070215.28.Somset.Tucking Mills.Gothik Midford Castle.dJohn Carter.1775Copy of 070215.35.Somset.Tucking Mills.Gothik Midford Castle.dJohn Carter.1775
070215.39.Somset.Tucking Mills
More out of boredom than anything else, I go into secret agent mode, leave the road and jump from tree to tree for cover. I wind up coming to a “private property” sign that doesn’t clearly distinguish the private from the public footpath, so I continue. The place, in any event, looks abandoned. An old, junked railroad bridge, which may or may not according to the county belong to Wessex Water (according to an Internet search, its ownership isn’t so much in dispute as it is denied by all parties concerned), with a reservoir lake at the base. On the other thickly-wooded side, there is a series of large tanks and generator-looking devices…and uniformed workers marching around: yes, henchmen! I couldn’t photograph everything that was going on (because my camera makes an annoying chirping sound every time it’s turned on or takes a picture—still haven’t figured out how to turn that off) but as I went down the wooded hill toward the generators, a siren went off, and I had to make a fast getaway.
070215.42.Somset.Tucking Mill.Viaduct.Ownershipindoubt.Fisheries
070215.40.Somset.Tucking Mill.Viaduct.Ownershipindoubt

So here’s what it turned out to be…(but don’t be fooled, this Forysth could be in their employ…)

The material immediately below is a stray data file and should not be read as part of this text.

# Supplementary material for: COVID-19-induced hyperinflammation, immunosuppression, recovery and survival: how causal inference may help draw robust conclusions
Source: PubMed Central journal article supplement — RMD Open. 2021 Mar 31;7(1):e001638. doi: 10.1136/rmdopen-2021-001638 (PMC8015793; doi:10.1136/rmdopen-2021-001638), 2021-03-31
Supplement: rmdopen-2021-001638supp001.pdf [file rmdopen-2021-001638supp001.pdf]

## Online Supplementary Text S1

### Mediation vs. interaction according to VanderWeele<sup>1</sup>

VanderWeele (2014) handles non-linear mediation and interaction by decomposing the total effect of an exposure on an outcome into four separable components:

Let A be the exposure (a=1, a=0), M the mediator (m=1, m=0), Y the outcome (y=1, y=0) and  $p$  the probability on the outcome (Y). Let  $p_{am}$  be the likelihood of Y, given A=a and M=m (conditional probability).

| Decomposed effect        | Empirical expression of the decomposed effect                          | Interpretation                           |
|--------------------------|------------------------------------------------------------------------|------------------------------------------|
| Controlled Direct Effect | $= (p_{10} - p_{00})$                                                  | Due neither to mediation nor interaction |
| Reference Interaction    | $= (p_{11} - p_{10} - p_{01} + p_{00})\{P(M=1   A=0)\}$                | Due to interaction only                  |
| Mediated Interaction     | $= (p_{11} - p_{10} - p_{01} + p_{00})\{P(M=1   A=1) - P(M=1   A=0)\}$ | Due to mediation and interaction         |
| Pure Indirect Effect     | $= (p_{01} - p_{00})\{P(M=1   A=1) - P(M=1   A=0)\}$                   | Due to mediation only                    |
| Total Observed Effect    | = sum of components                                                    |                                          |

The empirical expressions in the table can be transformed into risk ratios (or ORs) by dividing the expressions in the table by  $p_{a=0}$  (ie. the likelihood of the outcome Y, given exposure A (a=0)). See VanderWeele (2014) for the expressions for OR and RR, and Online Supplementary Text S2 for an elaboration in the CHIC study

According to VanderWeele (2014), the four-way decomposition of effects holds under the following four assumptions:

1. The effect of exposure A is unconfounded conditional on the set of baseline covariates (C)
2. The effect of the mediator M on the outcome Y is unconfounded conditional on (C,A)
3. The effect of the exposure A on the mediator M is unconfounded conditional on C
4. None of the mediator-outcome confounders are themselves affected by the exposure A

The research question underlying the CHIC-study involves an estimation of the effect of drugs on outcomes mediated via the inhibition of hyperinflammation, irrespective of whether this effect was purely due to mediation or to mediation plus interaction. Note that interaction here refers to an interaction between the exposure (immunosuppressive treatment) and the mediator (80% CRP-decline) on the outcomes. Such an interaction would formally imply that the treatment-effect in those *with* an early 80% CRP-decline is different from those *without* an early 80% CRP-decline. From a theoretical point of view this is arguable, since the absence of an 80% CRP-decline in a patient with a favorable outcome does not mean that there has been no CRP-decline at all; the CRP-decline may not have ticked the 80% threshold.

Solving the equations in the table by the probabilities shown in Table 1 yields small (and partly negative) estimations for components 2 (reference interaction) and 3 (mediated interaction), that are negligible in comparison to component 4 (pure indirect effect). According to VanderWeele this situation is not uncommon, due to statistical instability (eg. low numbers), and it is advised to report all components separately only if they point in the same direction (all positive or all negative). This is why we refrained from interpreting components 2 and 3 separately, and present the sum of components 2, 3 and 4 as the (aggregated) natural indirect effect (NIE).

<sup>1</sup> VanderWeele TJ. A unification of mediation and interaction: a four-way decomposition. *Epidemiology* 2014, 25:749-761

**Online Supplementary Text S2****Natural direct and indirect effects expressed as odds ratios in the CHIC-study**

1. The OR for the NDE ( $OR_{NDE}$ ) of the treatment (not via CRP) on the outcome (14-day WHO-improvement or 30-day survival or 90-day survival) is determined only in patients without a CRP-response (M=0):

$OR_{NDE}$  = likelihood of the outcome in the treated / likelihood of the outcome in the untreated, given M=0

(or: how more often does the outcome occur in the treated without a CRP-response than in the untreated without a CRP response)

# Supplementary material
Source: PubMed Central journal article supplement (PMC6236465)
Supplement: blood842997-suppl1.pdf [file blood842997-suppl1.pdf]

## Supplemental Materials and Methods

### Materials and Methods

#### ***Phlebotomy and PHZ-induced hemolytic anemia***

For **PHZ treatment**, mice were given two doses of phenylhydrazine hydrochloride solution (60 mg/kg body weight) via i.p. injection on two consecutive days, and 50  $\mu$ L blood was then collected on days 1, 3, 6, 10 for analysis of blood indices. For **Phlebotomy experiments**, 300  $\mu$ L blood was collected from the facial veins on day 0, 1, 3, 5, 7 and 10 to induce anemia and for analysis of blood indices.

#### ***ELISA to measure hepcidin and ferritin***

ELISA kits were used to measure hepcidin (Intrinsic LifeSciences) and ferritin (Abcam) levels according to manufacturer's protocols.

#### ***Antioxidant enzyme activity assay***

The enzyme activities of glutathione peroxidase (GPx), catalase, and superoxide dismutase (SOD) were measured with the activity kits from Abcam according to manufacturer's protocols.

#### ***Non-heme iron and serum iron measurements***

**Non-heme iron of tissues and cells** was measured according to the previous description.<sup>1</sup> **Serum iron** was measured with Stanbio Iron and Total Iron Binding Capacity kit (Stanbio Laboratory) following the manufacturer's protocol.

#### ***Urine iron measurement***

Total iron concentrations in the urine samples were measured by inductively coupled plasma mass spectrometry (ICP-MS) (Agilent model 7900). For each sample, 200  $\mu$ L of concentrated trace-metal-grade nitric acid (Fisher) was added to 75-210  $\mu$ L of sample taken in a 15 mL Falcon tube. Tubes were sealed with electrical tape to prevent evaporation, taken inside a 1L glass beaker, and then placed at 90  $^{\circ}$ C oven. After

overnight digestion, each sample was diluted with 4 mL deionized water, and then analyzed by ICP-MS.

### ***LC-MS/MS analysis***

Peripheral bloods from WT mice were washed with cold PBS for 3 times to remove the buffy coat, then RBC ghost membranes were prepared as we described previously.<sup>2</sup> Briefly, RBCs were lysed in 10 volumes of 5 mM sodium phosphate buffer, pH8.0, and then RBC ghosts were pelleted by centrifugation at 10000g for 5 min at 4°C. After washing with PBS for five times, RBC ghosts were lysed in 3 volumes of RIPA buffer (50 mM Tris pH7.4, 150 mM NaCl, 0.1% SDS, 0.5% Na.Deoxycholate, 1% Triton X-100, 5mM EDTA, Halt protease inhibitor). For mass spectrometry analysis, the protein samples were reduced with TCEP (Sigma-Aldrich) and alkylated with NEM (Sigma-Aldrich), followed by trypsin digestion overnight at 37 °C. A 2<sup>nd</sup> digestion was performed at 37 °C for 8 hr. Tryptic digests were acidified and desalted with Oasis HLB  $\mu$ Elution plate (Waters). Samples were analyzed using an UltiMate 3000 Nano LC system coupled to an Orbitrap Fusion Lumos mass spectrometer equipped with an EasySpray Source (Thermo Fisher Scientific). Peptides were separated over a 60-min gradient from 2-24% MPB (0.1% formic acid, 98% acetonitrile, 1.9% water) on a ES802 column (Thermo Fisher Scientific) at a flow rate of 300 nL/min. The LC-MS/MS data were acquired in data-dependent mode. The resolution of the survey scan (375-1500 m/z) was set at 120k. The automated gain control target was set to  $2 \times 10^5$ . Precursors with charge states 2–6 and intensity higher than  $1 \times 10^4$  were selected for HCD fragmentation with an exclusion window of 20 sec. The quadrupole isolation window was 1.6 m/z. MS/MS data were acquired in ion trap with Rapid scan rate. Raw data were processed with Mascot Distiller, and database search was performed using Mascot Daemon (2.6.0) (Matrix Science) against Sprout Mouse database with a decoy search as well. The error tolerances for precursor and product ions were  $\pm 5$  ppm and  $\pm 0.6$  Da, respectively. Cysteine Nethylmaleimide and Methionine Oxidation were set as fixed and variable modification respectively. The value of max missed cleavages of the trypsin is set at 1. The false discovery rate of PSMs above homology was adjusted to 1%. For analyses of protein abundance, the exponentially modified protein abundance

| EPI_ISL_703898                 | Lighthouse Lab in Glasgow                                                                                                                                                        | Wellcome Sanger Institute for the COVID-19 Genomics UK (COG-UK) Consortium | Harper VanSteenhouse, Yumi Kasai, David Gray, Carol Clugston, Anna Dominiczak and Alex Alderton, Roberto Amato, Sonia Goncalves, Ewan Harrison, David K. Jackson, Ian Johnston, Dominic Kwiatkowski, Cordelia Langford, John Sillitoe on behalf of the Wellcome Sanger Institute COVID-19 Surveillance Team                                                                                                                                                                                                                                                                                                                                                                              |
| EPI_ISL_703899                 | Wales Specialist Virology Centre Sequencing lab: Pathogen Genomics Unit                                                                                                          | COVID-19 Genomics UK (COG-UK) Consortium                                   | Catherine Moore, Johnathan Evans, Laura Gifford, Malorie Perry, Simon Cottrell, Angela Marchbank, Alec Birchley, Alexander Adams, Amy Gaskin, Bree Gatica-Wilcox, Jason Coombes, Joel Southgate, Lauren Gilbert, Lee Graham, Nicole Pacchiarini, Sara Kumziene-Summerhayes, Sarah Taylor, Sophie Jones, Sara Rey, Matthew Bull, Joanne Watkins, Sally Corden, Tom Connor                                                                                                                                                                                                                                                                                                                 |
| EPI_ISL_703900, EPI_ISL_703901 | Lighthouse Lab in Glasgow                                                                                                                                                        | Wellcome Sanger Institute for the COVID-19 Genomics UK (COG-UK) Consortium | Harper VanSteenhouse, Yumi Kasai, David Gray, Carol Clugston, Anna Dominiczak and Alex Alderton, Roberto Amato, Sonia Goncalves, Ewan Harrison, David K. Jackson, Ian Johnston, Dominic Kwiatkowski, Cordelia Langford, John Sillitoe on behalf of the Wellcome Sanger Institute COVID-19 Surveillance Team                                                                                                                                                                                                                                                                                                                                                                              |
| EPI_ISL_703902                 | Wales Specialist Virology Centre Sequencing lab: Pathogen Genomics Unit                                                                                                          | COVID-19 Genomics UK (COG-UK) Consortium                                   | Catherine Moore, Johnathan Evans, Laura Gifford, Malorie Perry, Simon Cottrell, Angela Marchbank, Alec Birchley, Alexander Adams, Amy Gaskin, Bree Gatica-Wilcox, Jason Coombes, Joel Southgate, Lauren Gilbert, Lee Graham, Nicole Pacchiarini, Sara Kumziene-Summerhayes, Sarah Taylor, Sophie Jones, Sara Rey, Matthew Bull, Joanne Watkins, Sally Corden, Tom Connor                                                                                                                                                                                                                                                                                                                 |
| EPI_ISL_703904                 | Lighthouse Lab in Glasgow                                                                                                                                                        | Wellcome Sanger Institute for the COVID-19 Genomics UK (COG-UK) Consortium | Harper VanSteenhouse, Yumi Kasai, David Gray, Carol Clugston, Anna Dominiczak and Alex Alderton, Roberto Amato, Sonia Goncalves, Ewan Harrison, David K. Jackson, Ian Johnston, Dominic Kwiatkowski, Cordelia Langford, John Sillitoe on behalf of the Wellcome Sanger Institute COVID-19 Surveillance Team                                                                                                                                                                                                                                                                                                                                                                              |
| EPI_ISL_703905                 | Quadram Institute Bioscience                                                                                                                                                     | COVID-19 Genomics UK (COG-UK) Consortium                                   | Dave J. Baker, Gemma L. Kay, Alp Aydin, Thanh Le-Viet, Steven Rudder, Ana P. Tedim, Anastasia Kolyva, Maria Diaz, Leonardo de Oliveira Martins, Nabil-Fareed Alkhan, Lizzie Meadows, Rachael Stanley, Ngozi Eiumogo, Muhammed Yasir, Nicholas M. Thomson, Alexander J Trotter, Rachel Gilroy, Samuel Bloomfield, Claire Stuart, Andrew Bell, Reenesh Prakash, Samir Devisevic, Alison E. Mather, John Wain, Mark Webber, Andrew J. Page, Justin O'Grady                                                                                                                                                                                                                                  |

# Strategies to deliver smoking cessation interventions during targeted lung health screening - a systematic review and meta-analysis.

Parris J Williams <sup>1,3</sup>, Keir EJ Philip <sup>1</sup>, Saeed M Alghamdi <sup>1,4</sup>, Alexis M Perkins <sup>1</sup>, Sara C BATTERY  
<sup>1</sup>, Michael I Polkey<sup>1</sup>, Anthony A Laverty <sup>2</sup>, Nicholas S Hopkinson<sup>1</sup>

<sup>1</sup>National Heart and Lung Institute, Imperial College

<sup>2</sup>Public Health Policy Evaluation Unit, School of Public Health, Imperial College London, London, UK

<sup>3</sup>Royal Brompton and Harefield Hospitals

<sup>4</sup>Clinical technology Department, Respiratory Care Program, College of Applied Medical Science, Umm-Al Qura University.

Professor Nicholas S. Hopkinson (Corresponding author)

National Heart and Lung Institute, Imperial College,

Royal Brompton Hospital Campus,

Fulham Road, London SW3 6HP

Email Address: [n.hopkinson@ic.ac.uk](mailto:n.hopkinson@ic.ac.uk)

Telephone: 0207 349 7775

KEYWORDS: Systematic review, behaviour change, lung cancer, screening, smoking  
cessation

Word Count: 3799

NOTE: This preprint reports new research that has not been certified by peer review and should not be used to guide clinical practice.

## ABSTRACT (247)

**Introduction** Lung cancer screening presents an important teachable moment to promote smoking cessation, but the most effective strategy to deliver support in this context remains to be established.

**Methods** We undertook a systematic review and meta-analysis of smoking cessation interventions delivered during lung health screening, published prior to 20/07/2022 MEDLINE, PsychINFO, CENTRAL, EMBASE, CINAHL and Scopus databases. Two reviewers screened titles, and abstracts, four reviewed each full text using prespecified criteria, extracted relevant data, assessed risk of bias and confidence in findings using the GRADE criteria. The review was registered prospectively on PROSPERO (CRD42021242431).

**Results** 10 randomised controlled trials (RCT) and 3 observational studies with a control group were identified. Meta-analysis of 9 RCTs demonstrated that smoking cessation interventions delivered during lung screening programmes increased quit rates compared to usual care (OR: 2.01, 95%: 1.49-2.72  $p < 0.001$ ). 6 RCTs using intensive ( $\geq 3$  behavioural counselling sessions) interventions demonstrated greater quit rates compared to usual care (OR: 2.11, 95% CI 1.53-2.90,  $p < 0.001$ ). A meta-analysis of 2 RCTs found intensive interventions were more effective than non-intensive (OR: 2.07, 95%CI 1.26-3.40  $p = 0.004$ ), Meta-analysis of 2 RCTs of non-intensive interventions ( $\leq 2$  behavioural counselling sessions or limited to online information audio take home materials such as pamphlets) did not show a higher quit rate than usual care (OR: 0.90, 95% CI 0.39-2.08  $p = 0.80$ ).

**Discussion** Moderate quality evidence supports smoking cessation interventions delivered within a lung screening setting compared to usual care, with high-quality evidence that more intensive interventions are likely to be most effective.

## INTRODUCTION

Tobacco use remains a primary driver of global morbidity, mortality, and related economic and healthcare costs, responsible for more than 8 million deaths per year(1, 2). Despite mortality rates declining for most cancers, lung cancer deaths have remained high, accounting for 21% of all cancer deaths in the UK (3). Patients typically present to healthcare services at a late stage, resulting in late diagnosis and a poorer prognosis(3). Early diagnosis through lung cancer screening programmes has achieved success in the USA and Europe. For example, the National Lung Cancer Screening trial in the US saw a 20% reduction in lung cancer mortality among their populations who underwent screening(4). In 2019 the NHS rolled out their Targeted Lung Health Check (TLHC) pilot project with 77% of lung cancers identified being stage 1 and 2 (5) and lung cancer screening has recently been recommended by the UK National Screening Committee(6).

Midford Castle, Midford Rd. Beautifully placed in wooded grounds with a s view down to Cane Brook and Midford Brook, this is the most eccentric of the substantial villas that surround Bath. It was build for Henry Disney Roebuck, c. 1775, after a design by John Carter for “a Gothic Mansion,” published in Builder’s Magazine in 1774. It is tower-like, three-storeyed, on an ingenious trefoil plan with semicircular corners, raised on a large plinth containing the service accommodation. Each floor has a lozenge-shaped hall and three rooms giving off it with three-windowed ends. (A story, coined in 1899, said that the plan commemorates some prodigious gambling success of Henry Roebuck and represent the ace of clubs.) The two principal floors have pointed windows with ogee0hoods, the upper windows, straight hoods. To give the appearance of towers, the battlemented parapet projects upwards at in blind arches like eyebrows. The interior has charming light plasterwork, chiefly long branches with sparse leave, attributed to Thomas Stocking. The house is an early example of the unusual-shaped villas, mainly triangular and sometimes castlelated, that architects experimented with in the 1780s-90s. These include Carr’s Grimston Garth, Yorkshire (1781-6), Adam’s Walkinshaw House, Renfrewshire (1791), and Nash’s Castle House, Aberystwyth for Uvedale Price (c.1795).
“Castellated also, the early C19 gatehouse (four-centred head of the archway, quatrefoils in the spandrels) and the picturesque group of stables and tower of the former chapel. This has a tower with pinnacles (and a cupola as well). In the NE part of the grounds are the ruins of a summerhouse known as the priory. A two-storeyed circular tower with a higher circular stair-turret, embattled, with quatrefoil windows. Originally, this had a nave with an apse, with ogee-headed niches. This was presumably built at the same time as the castle as it is mentioned in Collinson’s History of Somerset, 1791. On the brow of a steep descent is a rustic hermitage, now restored. Collinson also mentions this.” —Michael Forsyth, Bath (New Haven: Yale University Press, 2003), 288-289. Midford Castle was also apparently the estate of Charles Conolly….